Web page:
Growing Islamic extremism among the youth in India is a matter of concern and New Delhi "needs to look into that", says former Pakistan president Pervez Musharraf.
The former military ruler also said that Pakistan faced threats from Al Qaeda who exist "in small numbers" in the country's western tribal areas, the Pakistani Taliban who are getting bolder, and growing numbers of ex-mujahideen travelling to Jammu and Kashmir to fight the Indian Army.
Expressing concern about what he said was increasing Islamic extremism among the young in India, he said: "The Indian government needs to look into that." He did not elaborate.
Speaking at Asia Society's Texas Centre, Musharraf referred to three blunders that contributed to the terror threat emanating on Sunday from Afghanistan and western Pakistan.
He blamed the US and the West for arming and encouraging the mujahideen to wage war in Afghanistan against the Soviets, a move that introduced religious militancy into that country, and then abandoning the war-ravaged country once Soviet troops got out.
"So the first blunder, in 1989, was abandoning the place without any rehabilitation or resettlement, (which) gave rise to al Qaeda and then the Taliban."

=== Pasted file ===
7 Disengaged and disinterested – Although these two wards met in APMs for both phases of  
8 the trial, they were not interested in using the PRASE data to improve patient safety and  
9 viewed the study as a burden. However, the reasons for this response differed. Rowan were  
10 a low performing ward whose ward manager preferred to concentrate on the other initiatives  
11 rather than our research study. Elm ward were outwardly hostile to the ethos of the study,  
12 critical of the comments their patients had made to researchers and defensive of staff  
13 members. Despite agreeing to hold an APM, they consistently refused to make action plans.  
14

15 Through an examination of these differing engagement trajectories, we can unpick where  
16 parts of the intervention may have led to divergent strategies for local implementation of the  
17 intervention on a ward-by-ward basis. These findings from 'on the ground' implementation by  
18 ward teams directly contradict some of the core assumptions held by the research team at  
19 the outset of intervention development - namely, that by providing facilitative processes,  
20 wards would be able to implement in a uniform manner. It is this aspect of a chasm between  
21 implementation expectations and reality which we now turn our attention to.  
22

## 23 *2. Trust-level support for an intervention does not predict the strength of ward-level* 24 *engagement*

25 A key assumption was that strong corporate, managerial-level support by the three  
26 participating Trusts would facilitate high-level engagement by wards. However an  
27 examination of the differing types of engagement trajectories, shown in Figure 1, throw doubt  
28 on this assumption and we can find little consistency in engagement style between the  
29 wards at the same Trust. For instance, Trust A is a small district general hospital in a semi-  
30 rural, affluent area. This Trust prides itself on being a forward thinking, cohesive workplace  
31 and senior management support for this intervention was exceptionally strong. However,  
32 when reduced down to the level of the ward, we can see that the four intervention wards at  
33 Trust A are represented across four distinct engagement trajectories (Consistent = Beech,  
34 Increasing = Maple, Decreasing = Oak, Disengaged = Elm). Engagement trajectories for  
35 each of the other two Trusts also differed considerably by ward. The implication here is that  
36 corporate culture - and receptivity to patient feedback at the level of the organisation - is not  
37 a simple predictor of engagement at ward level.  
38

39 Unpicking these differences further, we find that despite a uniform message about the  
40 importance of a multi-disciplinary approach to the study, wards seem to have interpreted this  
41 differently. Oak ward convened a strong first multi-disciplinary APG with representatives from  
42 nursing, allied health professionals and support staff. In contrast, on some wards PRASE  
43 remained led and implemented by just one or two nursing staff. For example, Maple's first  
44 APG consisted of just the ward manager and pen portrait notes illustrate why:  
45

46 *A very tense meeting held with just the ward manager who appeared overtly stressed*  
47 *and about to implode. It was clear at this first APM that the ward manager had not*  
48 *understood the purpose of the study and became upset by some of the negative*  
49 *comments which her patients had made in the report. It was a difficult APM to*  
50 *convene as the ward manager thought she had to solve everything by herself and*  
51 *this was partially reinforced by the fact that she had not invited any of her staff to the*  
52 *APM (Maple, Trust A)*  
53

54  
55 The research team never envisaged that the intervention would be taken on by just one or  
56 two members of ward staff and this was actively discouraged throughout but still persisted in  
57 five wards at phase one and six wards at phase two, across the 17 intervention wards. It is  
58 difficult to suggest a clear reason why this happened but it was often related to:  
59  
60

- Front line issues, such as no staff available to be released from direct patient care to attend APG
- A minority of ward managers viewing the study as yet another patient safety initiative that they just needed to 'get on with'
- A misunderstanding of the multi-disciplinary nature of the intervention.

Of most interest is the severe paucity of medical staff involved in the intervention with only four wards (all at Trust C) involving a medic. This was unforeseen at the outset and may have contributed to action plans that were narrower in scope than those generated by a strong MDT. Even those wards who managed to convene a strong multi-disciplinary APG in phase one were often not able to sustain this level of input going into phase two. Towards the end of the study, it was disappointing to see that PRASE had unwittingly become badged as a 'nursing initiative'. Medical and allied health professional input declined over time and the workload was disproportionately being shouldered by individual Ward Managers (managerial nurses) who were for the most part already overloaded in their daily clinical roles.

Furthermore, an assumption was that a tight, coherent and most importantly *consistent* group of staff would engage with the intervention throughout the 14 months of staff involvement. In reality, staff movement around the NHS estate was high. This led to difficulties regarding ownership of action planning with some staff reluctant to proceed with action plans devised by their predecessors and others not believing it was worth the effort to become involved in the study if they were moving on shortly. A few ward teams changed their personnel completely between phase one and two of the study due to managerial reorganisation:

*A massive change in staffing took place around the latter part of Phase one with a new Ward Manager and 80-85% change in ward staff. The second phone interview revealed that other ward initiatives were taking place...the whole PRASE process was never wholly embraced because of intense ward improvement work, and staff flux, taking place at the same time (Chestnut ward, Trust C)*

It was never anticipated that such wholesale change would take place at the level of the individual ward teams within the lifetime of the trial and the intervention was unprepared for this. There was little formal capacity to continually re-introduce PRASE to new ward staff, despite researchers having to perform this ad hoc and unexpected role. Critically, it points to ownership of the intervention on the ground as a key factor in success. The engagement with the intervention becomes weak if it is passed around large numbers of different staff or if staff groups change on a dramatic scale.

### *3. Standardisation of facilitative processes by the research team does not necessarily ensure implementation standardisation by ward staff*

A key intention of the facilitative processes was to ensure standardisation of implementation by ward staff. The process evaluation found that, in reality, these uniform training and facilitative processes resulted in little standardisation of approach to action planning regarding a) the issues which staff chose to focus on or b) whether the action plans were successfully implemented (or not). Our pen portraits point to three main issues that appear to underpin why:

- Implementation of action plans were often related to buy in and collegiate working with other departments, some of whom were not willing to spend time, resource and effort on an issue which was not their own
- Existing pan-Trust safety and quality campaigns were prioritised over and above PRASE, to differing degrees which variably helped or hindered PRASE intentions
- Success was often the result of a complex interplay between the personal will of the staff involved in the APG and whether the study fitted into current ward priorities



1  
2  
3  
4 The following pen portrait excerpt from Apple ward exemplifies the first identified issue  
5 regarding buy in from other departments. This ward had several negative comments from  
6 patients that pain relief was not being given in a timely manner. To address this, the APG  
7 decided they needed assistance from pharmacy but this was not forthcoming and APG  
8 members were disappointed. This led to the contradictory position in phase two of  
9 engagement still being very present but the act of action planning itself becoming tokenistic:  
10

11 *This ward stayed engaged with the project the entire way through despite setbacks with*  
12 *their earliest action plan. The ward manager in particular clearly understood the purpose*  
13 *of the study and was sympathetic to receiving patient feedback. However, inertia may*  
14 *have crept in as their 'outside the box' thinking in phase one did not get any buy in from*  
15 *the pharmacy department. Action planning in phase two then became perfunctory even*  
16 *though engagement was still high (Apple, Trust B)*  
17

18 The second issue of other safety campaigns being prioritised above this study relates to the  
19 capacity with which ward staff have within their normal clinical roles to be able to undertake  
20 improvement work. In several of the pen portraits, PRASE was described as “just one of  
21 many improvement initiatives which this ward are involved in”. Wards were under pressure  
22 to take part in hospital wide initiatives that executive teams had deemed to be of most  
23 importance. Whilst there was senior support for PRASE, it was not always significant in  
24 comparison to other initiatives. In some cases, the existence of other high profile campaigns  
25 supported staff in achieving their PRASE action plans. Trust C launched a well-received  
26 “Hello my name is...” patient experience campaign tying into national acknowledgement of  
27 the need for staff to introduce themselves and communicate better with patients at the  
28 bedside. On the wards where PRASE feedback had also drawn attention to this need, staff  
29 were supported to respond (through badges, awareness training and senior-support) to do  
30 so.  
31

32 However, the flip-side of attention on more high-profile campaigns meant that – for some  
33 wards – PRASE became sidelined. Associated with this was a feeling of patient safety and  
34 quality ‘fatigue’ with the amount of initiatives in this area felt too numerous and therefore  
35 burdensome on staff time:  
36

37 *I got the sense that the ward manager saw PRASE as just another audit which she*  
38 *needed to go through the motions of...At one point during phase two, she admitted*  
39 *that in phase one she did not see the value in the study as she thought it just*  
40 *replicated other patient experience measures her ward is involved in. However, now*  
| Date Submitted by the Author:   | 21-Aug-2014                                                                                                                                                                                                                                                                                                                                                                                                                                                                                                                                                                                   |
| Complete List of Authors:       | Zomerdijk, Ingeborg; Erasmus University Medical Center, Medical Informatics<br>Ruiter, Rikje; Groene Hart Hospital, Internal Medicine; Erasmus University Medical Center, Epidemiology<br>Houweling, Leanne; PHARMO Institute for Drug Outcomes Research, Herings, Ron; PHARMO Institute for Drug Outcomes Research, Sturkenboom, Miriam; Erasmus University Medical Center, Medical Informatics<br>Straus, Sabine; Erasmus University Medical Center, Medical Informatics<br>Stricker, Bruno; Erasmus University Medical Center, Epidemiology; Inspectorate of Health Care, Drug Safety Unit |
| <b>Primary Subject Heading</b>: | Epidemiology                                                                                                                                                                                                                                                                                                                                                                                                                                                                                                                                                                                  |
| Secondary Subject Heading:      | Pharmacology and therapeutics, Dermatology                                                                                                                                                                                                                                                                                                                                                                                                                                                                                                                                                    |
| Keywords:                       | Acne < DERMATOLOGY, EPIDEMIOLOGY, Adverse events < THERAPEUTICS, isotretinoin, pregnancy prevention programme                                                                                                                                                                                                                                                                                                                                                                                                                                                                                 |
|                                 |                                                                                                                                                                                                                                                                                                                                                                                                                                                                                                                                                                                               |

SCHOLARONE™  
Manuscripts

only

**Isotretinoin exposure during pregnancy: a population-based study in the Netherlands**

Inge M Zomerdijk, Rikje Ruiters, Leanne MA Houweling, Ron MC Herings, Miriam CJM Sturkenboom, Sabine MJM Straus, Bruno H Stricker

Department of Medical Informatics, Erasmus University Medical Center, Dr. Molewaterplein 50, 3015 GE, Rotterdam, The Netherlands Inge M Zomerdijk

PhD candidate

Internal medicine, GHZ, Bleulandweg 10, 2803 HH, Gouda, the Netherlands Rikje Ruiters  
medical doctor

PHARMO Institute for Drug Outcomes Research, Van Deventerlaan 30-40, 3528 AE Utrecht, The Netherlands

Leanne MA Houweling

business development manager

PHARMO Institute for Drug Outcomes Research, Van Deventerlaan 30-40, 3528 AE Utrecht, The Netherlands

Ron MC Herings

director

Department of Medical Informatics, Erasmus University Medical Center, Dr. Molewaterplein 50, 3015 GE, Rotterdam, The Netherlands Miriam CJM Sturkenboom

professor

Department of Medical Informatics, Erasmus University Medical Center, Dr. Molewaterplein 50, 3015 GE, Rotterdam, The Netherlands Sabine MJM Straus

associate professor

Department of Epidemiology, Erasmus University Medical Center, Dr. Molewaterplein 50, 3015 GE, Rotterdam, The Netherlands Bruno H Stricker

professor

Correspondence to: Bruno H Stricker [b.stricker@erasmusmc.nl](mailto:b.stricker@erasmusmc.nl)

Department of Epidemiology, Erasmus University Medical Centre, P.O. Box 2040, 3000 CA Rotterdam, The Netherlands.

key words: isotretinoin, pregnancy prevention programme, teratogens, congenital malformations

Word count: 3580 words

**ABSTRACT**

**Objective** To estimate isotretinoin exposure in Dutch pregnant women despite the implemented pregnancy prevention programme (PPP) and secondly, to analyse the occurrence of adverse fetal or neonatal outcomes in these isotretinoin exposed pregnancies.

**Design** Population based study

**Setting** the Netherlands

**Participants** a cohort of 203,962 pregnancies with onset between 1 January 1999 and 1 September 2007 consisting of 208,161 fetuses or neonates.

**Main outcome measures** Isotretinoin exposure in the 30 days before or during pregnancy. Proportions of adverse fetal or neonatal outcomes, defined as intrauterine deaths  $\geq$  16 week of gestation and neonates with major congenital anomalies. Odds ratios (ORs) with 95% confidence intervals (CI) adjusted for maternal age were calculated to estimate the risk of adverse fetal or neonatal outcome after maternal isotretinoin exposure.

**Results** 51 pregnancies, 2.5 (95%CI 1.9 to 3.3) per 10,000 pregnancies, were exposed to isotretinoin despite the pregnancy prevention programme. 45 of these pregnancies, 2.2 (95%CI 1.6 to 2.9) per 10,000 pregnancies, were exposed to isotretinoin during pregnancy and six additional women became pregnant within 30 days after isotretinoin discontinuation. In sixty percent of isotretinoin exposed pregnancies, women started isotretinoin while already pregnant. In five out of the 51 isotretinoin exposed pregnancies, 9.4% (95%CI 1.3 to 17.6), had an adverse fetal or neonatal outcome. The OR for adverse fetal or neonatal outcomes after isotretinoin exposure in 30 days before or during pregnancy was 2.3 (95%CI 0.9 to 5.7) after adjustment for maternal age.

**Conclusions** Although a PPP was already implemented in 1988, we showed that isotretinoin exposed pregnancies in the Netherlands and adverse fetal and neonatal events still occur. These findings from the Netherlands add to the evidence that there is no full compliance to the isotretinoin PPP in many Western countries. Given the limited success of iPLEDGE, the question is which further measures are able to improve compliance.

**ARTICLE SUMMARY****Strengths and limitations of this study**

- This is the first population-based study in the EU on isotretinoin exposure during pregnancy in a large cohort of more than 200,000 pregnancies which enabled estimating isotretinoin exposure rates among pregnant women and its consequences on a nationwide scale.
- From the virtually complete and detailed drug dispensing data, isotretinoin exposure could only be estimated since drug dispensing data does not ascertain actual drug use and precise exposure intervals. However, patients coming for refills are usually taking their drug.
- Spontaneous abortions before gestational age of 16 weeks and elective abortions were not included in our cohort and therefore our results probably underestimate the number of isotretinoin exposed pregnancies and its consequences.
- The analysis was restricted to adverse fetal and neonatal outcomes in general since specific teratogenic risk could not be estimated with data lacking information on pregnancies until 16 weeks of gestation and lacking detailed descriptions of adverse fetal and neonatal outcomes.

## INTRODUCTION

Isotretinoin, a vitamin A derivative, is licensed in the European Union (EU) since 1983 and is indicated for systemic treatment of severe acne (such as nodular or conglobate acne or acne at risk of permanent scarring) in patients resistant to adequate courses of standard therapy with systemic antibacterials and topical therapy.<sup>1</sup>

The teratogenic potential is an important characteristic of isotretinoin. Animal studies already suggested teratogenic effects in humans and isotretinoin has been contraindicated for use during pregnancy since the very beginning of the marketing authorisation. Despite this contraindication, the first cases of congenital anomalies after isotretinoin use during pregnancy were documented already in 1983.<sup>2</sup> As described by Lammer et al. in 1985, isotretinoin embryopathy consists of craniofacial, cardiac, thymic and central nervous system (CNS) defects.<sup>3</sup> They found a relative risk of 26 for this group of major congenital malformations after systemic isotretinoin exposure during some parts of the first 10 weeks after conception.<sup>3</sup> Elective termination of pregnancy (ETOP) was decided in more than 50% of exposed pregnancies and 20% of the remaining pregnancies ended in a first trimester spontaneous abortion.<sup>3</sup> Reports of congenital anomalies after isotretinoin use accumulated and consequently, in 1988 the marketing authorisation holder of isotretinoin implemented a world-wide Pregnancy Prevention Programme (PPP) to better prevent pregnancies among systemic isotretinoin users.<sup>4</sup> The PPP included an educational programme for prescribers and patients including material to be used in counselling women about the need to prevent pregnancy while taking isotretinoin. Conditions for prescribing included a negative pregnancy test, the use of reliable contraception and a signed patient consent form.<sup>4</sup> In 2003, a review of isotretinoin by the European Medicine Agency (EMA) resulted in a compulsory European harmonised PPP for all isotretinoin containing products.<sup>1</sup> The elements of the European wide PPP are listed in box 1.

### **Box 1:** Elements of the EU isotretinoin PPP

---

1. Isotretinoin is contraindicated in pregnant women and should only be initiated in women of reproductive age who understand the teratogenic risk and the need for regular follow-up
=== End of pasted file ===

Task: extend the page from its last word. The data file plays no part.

Defending his decision to recognise the Taliban government in Afghanistan, he said he aimed to "change them (the Taliban) from within". Western failure to do that constituted the second blunder.
He stressed that joining the post-Sep 11 coalition to fight terrorism was in Pakistan's self-interest.
"I want to underline this because there are now expressions in the West and the US that we are not doing enough or that our heart is not in the issue. Wrong, Sir. Nobody in Pakistan would like to have Talibanisation of Pakistan," he said.
The third blunder was the failure to push for a political solution when the coalition had the upper hand militarily.
Musharraf, in October said that he was forming a new political party, said he was the only person in the Pakistani political scene capable of delivering the country from "the darkness that it faces today".
"All the political alternatives available have been tried and failed," he added.
Musharraf, who seized powe in 1999, ruled Pakistan when the US invaded Afghanistan following the 9/11 terror attack. He stepped down in 2008 and left Pakistan. He now lives in London.